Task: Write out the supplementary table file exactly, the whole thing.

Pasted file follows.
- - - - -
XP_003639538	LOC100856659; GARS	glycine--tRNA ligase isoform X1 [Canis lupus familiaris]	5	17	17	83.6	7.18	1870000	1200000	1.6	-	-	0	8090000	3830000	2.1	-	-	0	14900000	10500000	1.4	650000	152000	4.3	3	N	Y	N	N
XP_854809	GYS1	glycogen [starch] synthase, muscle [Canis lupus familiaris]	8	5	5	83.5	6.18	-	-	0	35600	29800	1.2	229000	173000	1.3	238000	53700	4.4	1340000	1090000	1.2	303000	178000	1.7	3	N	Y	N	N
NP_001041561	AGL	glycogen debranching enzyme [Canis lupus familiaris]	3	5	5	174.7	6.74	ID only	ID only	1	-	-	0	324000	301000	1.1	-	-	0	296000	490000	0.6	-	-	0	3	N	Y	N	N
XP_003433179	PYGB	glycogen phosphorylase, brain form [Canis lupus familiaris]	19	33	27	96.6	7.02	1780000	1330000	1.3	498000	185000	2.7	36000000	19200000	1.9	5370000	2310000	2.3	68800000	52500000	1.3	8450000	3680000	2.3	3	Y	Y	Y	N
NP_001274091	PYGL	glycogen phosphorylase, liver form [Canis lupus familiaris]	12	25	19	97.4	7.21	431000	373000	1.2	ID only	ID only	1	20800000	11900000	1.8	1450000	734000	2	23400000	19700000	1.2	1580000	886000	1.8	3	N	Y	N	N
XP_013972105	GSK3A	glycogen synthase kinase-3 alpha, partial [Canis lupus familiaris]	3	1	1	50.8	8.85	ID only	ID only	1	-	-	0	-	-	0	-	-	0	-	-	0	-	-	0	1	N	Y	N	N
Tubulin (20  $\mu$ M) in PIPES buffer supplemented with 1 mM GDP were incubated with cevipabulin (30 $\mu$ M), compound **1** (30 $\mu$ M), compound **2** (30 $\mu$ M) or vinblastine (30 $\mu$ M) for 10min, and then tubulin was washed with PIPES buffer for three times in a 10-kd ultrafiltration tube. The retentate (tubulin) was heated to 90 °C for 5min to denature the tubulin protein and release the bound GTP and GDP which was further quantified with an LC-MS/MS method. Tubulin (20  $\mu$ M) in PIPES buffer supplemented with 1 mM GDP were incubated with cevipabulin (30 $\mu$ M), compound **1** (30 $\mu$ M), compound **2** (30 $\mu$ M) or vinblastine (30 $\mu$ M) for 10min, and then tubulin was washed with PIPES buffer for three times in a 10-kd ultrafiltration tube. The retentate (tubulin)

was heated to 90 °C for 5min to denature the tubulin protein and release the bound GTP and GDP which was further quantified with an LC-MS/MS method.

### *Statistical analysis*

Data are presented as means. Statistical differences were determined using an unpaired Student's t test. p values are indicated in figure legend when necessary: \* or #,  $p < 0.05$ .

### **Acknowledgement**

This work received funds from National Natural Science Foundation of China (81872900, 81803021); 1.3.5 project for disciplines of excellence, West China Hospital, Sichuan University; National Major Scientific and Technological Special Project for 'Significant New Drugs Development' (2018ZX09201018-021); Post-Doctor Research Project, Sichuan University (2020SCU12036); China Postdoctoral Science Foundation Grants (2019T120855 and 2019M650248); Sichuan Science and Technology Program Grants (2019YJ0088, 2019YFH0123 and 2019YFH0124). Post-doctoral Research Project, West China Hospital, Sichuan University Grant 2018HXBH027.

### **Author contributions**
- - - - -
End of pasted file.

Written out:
XP_003639538	LOC100856659; GARS	glycine--tRNA ligase isoform X1 [Canis lupus familiaris]	5	17	17	83.6	7.18	1870000	1200000	1.6	-	-	0	8090000	3830000	2.1	-	-	0	14900000	10500000	1.4	650000	152000	4.3	3	N	Y	N	N
XP_854809	GYS1	glycogen [starch] synthase, muscle [Canis lupus familiaris]	8	5	5	83.5	6.18	-	-	0	35600	29800	1.2	229000	173000	1.3	238000	53700	4.4	1340000	1090000	1.2	303000	178000	1.7	3	N	Y	N	N
NP_001041561	AGL	glycogen debranching enzyme [Canis lupus familiaris]	3	5	5	174.7	6.74	ID only	ID only	1	-	-	0	324000	301000	1.1	-	-	0	296000	490000	0.6	-	-	0	3	N	Y	N	N
XP_003433179	PYGB	glycogen phosphorylase, brain form [Canis lupus familiaris]	19	33	27	96.6	7.02	1780000	1330000	1.3	498000	185000	2.7	36000000	19200000	1.9	5370000	2310000	2.3	68800000	52500000	1.3	8450000	3680000	2.3	3	Y	Y	Y	N
NP_001274091	PYGL	glycogen phosphorylase, liver form [Canis lupus familiaris]	12	25	19	97.4	7.21	431000	373000	1.2	ID only	ID only	1	20800000	11900000	1.8	1450000	734000	2	23400000	19700000	1.2	1580000	886000	1.8	3	N	Y	N	N
XP_013972105	GSK3A	glycogen synthase kinase-3 alpha, partial [Canis lupus familiaris]	3	1	1	50.8	8.85	ID only	ID only	1	-	-	0	-	-	0	-	-	0	-	-	0	-	-	0	1	N	Y	N	N
Tubulin (20  $\mu$ M) in PIPES buffer supplemented with 1 mM GDP were incubated with cevipabulin (30 $\mu$ M), compound **1** (30 $\mu$ M), compound **2** (30 $\mu$ M) or vinblastine (30 $\mu$ M) for 10min, and then tubulin was washed with PIPES buffer for three times in a 10-kd ultrafiltration tube. The retentate (tubulin) was heated to 90 °C for 5min to denature the tubulin protein and release the bound GTP and GDP which was further quantified with an LC-MS/MS method. Tubulin (20  $\mu$ M) in PIPES buffer supplemented with 1 mM GDP were incubated with cevipabulin (30 $\mu$ M), compound **1** (30 $\mu$ M), compound **2** (30 $\mu$ M) or vinblastine (30 $\mu$ M) for 10min, and then tubulin was washed with PIPES buffer for three times in a 10-kd ultrafiltration tube. The retentate (tubulin)

was heated to 90 °C for 5min to denature the tubulin protein and release the bound GTP and GDP which was further quantified with an LC-MS/MS method.

### *Statistical analysis*

Data are presented as means. Statistical differences were determined using an unpaired Student's t test. p values are indicated in figure legend when necessary: \* or #,  $p < 0.05$ .

### **Acknowledgement**

This work received funds from National Natural Science Foundation of China (81872900, 81803021); 1.3.5 project for disciplines of excellence, West China Hospital, Sichuan University; National Major Scientific and Technological Special Project for 'Significant New Drugs Development' (2018ZX09201018-021); Post-Doctor Research Project, Sichuan University (2020SCU12036); China Postdoctoral Science Foundation Grants (2019T120855 and 2019M650248); Sichuan Science and Technology Program Grants (2019YJ0088, 2019YFH0123 and 2019YFH0124). Post-doctoral Research Project, West China Hospital, Sichuan University Grant 2018HXBH027.

### **Author contributions**